Coincidently (or maybe not?) we've watched Toy Story 3 at least five times this week. Pixar movies notoriously make me weepy anyhow, but now that I have my own "Andy" this particular movie gets me even more. And it got me thinking about my own kids going off to college (although light years away at this point). And then it got me thinking about when I went off to college, and what I wish someone had told me beforehand.
|My preschool grads . . .|
People are going to tell you a lot of things about what college will be like. Most of it will be horrible advice. Here's how it will really go down:
Anyway, everyone will make a big deal about what you are going to school for . . . as if your choice of major will determine your future career and job security for the rest of eternity. Tip: It will not. The best advice I could give is to start college without declaring a major. Give yourself a chance to figure out what *you* want to do. Take classes you are actually interested in and that you will excel at . . . not courses you think you "should" take or that someone else thinks you would be "good" at. If you want to spend your first year at college taking electives in languages, anthropology, literature, basket weaving, and yes, even biology, by all means do so. Don't let anyone convince you that if you don't fill up your freshman year with core classes for a specific field of study you will be woefully behind. That's why college takes at least four years to complete. There's lots of leeway.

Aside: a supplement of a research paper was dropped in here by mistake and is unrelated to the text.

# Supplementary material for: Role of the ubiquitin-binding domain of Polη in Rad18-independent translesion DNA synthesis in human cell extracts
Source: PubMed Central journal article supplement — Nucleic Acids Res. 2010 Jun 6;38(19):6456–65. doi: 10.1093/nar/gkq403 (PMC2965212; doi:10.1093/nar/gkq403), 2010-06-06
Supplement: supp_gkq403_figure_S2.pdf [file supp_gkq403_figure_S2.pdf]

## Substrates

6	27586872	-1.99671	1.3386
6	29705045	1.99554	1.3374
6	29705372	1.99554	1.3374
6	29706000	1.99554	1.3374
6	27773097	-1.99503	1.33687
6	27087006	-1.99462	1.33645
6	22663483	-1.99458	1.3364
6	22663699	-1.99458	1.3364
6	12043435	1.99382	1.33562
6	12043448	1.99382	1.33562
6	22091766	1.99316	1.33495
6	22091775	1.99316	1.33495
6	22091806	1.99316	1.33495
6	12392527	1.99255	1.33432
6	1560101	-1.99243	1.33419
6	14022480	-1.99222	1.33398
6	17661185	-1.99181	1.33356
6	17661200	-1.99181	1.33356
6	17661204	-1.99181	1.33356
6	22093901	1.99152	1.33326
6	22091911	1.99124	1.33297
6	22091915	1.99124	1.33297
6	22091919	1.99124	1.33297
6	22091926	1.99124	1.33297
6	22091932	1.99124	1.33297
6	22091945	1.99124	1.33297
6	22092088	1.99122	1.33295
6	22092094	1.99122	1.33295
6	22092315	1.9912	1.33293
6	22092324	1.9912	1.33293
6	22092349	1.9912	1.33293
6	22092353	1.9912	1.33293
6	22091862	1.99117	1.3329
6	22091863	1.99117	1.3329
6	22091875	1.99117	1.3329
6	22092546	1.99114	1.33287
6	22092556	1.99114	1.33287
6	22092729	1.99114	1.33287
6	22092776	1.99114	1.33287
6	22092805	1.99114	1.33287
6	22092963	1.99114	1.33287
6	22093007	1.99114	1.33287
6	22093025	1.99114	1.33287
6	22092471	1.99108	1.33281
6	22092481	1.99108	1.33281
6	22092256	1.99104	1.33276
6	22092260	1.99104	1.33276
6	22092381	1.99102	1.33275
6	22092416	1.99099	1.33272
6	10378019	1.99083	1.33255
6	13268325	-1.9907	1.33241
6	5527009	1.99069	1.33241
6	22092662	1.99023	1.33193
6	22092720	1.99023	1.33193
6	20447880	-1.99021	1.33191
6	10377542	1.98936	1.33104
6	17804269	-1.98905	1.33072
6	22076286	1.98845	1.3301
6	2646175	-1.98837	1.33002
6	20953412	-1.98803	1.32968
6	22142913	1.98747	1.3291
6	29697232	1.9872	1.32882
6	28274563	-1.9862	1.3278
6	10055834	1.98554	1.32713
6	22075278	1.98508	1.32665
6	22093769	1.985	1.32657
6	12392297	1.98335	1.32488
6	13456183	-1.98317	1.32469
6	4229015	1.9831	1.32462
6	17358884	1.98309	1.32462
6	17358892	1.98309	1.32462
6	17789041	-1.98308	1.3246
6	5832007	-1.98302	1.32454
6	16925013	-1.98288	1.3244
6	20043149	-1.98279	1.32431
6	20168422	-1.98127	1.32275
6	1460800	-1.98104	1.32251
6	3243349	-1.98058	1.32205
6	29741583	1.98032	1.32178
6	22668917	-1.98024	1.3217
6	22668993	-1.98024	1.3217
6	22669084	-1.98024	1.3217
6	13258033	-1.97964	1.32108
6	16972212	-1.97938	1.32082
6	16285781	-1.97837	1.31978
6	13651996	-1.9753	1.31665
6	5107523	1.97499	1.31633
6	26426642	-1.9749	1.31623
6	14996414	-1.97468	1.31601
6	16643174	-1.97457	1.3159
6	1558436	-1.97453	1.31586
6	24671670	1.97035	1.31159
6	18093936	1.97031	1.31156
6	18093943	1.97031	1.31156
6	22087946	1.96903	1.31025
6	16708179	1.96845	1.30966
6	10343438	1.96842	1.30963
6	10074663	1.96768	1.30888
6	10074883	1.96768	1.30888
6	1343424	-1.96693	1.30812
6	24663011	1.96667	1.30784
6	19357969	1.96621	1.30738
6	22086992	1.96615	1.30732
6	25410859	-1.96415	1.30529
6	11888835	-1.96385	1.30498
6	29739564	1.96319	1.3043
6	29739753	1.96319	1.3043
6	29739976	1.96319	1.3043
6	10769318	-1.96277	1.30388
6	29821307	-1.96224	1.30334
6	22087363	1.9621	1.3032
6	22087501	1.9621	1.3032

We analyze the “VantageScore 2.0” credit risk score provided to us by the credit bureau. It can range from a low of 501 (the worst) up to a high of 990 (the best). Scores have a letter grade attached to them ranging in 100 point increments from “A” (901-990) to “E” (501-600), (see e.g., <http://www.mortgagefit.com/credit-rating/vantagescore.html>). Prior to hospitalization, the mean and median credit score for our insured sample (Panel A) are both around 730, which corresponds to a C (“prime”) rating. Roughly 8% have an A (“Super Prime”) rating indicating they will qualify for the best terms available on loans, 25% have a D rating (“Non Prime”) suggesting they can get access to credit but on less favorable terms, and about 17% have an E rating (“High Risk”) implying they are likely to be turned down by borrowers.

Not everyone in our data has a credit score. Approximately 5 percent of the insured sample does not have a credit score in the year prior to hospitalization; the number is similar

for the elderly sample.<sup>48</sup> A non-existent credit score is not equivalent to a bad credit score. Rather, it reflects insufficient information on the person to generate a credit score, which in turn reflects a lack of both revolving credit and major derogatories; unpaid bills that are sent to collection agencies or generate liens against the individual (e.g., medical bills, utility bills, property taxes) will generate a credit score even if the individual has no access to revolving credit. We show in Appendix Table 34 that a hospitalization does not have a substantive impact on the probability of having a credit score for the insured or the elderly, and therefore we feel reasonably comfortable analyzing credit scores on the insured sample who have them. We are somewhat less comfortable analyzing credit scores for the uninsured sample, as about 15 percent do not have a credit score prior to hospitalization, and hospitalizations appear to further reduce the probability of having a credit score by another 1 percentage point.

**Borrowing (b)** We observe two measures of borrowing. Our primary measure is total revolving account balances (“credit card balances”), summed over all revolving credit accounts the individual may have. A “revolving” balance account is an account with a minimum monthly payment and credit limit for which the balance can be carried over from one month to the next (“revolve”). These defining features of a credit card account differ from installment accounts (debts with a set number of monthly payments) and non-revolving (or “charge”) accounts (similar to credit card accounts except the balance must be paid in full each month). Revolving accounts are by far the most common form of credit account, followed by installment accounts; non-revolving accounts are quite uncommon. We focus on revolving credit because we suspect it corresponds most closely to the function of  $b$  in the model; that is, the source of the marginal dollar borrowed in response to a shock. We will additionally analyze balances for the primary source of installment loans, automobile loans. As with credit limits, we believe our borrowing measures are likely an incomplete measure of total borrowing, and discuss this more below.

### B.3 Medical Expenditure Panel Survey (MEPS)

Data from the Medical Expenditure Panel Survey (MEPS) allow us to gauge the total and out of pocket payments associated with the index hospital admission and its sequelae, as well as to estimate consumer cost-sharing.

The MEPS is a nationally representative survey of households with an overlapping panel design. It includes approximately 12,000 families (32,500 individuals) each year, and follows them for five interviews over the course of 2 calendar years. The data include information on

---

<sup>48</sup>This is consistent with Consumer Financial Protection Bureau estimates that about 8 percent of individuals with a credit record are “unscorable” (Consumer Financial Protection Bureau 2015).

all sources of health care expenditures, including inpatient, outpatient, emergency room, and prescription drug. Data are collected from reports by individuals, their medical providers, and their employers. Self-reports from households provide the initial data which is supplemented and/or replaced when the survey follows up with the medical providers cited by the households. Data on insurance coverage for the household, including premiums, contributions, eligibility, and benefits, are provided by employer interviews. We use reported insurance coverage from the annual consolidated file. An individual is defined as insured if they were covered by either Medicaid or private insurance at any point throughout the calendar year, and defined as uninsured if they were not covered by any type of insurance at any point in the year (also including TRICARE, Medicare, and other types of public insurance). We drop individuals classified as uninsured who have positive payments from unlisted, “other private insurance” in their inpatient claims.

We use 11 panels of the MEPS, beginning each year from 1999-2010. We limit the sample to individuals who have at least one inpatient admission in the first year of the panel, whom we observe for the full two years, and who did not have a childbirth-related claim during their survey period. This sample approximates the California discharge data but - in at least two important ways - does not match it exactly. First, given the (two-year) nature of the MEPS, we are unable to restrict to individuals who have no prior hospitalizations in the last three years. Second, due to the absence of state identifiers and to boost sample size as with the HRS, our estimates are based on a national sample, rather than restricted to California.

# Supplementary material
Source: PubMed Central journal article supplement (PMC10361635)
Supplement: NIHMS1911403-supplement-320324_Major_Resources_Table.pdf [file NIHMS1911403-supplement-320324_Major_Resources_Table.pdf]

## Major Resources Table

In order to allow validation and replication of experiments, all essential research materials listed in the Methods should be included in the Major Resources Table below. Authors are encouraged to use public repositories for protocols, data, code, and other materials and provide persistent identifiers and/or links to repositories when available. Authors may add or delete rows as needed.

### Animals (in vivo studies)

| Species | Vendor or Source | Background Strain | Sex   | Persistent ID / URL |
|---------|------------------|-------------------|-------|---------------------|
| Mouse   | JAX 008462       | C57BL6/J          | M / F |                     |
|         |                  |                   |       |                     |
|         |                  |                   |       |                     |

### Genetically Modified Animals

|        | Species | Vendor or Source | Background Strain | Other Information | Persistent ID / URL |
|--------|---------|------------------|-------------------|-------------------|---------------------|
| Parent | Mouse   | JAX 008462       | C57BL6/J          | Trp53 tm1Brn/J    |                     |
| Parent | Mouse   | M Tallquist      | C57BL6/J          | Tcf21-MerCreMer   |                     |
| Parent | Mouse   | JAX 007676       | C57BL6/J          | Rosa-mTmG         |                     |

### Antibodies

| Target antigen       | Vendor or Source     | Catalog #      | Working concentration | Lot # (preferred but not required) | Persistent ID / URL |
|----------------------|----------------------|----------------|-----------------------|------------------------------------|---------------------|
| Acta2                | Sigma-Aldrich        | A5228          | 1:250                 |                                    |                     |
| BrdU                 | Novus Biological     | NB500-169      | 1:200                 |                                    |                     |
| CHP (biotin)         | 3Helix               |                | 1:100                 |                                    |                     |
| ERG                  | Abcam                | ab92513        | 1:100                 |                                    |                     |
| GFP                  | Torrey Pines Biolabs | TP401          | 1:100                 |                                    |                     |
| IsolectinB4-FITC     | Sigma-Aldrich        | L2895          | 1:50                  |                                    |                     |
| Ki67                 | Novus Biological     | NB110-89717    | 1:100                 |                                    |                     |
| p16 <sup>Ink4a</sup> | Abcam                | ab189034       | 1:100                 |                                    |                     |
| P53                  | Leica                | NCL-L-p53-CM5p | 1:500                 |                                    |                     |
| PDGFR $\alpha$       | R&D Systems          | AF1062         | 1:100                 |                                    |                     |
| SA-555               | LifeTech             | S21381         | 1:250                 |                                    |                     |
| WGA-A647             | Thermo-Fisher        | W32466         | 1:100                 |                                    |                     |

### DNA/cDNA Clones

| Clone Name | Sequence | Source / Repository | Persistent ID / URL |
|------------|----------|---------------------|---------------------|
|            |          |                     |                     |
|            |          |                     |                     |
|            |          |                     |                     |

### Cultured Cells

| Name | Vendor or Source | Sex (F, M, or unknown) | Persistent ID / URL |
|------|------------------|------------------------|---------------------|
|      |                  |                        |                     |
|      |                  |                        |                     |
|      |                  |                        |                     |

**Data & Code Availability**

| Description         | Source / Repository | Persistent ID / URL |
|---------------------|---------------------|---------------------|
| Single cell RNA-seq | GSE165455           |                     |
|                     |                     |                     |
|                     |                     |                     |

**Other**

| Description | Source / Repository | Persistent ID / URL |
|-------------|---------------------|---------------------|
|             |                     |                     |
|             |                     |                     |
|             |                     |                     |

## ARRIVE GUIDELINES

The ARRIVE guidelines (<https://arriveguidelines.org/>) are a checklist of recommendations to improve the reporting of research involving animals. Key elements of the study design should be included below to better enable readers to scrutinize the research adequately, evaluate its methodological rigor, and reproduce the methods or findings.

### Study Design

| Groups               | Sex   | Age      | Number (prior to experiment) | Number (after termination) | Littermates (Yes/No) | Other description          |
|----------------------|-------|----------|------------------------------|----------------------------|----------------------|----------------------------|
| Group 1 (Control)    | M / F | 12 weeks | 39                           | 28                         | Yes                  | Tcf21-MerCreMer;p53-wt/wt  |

|Me (right) and my BFF, 1990|
Eventually you will discover your passion lies with psychology, specifically social psychology. You will have grand ideas about earning a PhD , working as a counselor, and and then becoming a college professor. You will come up with a plan for all the fabulous education- and career-related things you are going to do before you grow old. You know, like thirty.
This will not happen. You will work paycheck-to-paycheck jobs for a while, a long while. Someday you will start grad school and never finish it. You will give up when you are just a few credits away from your master's degree. You will move across the country to marry a man you shouldn't be with and will later divorce. This will all be very expensive and emotionally painful, and you will have nothing to show for it.
|Me with my loves in Pisa, Italy|
So, please . . . enjoy your college days; you can't get them back. Do something you love, not what other people think you should be doing. Now that I think about it, this is probably good advice for life in general.